A couple of months ago, our reader survey results got us talking about the simple fact that content marketing is still our top priority. Engaging and relevant content is crucial to your brand’s success, but content strategy is just as important and often overlooked.
The focus of content marketing is on designing content that represents a business’s offerings and appeals to a targeted audience of potential customers. Content strategy, as defined by the Content Marketing Institute, is the “creation, publication, and governance of useful, usable content.” It “goes beyond the scope of a content marketing strategy, as it helps businesses manage all of the content they have.”
Charting the course for your content strategy can be tricky. This week, I want to offer you a framework for thinking about your approach by defining it in “horizontal vs. vertical content strategy” terms.
Your horizontal content strategy covers a wide breadth of content. It’s important to not just project a seamless business ethos; you have to walk the walk by creating cohesion between your touchpoints for customer service (think: FAQ page, customer service scripts) and the internal workings of your business (think: job descriptions, policies, training materials).
For example, if you publicize your business’s commitment to diversity and inclusivity, consider whether your content reflects this. Do you feature a diverse cross-section of individuals in the images used on advertisements and training materials? Have you provided customers who are differently abled with necessary tools should they seek help from customer service? If there is a mismatch between your convictions and your content, the cracks will start to show. Take time to plan your horizontal content strategy in a way that brings your priorities and practices into alignment. This will present employees, stakeholders, and customers with a unified vision.
Horizontal content strategizing requires you to take a broad view of whether the diverse content you produce fits together. Vertical content strategy, however, is about examining whether content in one specific area is functioning as an integrated whole. Lise Bissonnette Janody, in her post “Global Content Insights: Horizontal and Vertical Content Strategy,” explains:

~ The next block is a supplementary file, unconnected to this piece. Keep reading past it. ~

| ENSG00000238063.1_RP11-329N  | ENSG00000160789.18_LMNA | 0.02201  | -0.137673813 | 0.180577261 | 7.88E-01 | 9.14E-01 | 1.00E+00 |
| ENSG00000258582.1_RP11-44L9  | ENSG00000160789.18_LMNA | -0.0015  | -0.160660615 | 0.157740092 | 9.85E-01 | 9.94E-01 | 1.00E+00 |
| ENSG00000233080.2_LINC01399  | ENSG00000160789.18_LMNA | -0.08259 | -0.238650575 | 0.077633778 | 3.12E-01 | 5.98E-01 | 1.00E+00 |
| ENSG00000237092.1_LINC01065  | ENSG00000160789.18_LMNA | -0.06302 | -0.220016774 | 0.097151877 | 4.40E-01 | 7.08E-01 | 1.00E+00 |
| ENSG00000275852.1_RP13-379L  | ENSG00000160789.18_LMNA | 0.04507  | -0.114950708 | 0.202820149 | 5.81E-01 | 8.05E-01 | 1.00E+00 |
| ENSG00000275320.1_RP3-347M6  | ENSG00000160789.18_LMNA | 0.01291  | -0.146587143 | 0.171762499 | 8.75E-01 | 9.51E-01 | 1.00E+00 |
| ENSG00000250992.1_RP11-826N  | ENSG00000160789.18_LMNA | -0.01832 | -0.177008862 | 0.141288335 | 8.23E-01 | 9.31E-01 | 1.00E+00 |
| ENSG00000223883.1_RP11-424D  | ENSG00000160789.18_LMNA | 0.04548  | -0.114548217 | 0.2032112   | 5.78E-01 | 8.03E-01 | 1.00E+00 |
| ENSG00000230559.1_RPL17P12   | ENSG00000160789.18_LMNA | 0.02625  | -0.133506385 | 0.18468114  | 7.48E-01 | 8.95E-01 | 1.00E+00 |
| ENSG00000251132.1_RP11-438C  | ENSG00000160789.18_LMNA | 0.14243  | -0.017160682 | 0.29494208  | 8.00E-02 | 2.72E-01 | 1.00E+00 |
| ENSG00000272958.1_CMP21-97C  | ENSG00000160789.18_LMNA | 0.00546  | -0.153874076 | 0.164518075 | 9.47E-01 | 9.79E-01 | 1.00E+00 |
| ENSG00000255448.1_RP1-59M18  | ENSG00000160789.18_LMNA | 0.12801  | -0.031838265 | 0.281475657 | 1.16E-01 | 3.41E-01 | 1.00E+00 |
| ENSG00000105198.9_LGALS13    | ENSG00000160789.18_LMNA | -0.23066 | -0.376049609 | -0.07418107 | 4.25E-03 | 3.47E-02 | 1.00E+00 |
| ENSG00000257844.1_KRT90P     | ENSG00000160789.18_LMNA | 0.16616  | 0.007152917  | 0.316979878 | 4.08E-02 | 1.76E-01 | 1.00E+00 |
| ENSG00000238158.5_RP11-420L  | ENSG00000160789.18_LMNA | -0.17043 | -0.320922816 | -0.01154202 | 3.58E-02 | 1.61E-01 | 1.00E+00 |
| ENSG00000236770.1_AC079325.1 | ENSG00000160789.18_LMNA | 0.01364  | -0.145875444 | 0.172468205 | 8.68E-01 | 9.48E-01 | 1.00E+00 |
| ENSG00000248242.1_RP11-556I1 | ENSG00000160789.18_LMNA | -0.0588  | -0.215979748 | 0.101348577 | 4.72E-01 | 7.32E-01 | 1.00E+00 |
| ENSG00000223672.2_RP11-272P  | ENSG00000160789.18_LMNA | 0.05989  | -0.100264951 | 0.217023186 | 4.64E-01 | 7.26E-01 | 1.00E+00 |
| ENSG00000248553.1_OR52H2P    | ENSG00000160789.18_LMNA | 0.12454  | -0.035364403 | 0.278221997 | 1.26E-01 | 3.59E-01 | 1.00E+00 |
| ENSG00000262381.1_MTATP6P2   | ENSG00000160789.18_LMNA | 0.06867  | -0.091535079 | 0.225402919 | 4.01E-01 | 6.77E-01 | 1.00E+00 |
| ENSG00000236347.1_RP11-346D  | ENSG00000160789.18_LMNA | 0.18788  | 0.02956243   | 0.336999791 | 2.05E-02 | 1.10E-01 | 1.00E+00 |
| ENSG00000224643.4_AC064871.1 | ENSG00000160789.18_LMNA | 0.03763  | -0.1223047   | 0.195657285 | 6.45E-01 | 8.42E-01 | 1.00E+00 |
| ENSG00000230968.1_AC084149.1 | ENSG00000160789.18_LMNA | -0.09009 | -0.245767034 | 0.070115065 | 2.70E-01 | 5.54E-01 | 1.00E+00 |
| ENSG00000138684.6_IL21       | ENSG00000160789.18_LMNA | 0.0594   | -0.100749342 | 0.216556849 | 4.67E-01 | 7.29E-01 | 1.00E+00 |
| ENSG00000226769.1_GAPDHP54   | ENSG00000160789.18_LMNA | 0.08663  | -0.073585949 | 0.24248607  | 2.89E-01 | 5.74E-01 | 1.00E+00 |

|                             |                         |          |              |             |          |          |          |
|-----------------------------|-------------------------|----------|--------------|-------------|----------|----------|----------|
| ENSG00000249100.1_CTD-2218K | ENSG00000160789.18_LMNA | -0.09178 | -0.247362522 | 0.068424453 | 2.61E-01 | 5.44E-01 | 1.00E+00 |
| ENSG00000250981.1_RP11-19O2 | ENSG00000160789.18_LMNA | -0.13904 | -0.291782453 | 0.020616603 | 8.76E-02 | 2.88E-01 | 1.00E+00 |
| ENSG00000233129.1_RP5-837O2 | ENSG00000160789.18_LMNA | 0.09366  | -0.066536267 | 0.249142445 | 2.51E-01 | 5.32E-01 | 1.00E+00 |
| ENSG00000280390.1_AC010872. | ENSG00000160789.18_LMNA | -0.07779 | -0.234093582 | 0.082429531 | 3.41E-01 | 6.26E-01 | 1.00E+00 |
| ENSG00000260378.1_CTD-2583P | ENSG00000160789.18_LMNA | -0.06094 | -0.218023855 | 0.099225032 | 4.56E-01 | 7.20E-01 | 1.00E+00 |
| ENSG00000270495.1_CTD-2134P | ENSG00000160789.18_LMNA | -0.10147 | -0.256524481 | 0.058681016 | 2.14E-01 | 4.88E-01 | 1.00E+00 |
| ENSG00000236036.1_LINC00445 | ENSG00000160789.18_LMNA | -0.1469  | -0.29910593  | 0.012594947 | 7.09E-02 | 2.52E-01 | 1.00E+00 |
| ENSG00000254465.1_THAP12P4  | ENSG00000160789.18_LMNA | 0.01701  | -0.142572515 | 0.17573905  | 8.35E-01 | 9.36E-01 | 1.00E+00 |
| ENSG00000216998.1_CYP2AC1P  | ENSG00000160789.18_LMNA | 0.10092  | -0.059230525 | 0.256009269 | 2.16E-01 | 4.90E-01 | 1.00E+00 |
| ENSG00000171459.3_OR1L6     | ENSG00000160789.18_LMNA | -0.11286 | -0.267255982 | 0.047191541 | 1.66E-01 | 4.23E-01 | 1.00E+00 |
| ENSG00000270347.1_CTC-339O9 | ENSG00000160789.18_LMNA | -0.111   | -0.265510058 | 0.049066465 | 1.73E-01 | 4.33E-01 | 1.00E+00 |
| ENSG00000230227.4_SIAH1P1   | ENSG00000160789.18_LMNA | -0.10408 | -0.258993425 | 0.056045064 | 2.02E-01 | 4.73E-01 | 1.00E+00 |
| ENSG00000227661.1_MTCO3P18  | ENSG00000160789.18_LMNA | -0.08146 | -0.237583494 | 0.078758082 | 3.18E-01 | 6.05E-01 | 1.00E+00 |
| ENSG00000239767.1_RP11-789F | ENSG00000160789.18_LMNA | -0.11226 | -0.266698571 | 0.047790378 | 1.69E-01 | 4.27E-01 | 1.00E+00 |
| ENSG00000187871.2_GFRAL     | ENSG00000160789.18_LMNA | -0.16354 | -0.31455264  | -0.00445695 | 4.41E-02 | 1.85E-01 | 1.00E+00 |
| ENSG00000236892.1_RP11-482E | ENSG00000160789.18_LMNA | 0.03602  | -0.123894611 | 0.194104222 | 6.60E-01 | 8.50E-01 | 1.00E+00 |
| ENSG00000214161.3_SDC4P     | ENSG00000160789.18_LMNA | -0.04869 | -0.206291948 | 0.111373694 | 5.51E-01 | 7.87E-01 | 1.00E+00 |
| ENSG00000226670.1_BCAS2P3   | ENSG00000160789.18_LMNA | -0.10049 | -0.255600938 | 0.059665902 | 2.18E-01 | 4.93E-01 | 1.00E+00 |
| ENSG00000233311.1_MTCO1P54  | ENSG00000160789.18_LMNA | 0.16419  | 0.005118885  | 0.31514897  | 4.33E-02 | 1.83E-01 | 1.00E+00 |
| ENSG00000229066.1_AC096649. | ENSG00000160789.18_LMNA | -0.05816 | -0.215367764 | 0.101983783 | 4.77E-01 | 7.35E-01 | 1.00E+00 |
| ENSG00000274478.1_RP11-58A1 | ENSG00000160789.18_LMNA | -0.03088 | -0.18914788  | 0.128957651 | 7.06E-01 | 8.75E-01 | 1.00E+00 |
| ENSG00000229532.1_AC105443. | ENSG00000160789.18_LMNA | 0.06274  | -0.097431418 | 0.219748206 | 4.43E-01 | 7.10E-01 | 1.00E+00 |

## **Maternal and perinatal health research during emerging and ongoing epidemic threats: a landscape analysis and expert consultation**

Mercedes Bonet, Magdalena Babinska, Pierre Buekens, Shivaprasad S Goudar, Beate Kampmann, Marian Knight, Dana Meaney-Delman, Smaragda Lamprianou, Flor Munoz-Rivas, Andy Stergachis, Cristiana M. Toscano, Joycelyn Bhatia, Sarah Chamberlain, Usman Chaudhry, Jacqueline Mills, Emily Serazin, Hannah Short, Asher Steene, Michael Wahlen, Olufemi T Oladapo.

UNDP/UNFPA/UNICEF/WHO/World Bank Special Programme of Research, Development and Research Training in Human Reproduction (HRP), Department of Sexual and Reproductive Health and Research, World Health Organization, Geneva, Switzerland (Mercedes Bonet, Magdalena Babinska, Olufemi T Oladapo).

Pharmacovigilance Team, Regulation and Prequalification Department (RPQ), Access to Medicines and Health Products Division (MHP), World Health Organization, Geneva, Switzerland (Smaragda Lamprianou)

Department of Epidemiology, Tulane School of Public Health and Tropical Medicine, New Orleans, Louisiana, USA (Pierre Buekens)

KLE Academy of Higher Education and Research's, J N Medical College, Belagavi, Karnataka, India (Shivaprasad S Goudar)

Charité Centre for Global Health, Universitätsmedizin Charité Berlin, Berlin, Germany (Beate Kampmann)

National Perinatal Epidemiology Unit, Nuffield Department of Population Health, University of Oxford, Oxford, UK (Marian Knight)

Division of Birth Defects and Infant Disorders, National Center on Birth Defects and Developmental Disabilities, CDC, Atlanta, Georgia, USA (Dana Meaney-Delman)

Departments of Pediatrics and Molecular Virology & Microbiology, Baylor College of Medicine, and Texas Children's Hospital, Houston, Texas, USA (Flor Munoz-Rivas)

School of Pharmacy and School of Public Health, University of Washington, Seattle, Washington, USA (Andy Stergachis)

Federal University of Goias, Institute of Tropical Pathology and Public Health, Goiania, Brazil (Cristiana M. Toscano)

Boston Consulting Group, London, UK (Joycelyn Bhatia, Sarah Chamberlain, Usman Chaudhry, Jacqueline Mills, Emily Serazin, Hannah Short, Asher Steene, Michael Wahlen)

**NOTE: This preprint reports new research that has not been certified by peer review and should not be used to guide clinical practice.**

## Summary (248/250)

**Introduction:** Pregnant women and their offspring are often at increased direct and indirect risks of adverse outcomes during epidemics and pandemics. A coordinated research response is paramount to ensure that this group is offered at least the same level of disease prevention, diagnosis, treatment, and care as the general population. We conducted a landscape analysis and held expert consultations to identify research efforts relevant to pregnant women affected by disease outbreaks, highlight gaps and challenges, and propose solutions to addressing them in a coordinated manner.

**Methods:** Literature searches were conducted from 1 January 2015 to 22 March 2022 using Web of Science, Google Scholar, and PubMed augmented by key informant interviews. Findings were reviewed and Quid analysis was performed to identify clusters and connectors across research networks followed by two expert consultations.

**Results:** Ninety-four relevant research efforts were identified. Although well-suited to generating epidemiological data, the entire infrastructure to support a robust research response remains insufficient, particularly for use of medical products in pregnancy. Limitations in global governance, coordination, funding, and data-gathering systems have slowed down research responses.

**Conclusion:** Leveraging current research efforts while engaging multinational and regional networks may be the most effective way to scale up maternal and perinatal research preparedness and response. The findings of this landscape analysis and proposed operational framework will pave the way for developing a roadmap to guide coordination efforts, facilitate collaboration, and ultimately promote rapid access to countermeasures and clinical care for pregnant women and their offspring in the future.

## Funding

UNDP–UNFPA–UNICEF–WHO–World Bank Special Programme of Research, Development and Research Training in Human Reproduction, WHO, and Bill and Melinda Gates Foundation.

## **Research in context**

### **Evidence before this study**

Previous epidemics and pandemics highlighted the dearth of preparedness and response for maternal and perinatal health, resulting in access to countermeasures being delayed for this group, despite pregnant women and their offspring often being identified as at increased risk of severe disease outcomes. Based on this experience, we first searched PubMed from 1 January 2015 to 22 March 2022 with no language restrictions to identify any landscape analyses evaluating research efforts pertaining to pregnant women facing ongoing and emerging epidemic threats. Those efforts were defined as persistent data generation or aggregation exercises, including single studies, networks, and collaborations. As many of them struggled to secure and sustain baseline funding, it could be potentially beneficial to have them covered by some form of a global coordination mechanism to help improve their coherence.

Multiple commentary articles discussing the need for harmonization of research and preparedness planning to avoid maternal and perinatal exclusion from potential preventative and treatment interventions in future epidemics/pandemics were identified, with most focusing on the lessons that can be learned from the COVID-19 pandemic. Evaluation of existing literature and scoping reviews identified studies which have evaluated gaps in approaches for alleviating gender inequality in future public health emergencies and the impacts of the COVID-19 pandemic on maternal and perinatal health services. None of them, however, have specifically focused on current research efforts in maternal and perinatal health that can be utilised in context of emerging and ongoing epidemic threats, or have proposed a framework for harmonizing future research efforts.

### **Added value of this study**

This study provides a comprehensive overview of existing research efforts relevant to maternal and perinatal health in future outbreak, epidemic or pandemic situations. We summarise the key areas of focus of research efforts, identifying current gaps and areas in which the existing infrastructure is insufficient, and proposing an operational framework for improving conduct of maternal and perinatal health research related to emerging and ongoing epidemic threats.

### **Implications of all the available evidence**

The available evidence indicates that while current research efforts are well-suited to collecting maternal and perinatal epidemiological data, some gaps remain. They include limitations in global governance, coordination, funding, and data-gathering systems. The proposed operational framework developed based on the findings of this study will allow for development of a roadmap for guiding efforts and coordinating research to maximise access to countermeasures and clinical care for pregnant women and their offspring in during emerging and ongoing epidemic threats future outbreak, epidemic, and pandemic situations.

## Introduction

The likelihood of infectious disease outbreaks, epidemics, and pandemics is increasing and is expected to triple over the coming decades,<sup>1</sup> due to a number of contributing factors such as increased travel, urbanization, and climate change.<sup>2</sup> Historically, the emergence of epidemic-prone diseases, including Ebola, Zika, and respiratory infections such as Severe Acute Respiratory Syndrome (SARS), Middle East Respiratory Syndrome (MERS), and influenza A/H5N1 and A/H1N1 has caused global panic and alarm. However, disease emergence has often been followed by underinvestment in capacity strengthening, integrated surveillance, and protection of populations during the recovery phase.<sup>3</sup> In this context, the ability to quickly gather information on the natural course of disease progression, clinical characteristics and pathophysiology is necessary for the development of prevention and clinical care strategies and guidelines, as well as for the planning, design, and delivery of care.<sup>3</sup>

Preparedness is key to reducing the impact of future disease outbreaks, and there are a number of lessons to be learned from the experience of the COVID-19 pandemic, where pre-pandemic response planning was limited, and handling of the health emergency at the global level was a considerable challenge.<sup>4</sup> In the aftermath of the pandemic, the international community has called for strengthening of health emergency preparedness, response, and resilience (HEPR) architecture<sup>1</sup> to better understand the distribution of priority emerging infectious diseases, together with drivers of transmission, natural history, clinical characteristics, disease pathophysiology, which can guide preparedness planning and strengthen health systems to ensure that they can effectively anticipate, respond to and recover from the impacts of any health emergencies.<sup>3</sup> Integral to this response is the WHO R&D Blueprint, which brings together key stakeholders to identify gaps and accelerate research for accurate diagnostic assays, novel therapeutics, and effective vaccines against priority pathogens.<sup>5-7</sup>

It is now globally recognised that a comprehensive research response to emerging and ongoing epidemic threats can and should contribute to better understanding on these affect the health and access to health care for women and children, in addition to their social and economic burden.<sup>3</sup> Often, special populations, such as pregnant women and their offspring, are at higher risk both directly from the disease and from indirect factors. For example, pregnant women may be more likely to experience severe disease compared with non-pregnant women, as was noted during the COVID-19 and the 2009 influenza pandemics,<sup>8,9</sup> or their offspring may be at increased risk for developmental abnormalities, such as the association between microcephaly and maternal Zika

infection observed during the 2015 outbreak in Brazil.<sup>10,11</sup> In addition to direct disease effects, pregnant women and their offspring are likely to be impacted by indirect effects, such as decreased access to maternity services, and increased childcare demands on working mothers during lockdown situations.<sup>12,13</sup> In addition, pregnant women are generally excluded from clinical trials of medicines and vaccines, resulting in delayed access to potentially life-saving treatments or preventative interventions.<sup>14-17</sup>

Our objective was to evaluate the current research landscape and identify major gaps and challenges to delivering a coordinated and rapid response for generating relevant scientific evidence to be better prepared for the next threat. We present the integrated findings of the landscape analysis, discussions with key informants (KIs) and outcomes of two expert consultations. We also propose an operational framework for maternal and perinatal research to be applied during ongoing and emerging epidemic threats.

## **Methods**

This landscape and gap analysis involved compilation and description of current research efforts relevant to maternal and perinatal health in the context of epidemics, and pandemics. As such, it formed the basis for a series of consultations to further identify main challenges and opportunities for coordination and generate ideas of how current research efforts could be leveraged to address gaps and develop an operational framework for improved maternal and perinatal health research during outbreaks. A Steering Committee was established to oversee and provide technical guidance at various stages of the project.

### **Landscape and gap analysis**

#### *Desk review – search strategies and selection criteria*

“Vertical content strategy is also a holistic approach to content, but on a more granular level. It takes one part of that whole – a section, a specific topic, a content type – and delves into it across not only channels (websites, social media channels, print, events, etc.) but possibly a wider spectrum of audiences as well (particularly audiences within firewalls like internal sales or channel partners).”
So, vertical content strategy pushes you to take a critical look at one slice of the content you offer. You then weigh whether the way you deploy it across various channels is consistent and cohesive. For example, consider content that shapes the customer’s perspective of your business–“About Us” information, perhaps. Is there any discrepancy in how this content is represented across your social media profiles? How can you revise your content to make sure it is seamless when faced with varying word count limitations and fields? What steps can you take to increase the visibility of this kind of content in your brick-and-mortar enterprise?
As you begin improving your content strategy, bear in mind that you are doing foundational work. It is well worth the effort, because you can’t have successful content marketing without carefully honed content. Your efforts will bring you a greater sense of control over your content and your vision. It will also give your employees a sense of clarity, and your potential customers a deeper understanding of whether your offerings will meet their consumer needs.
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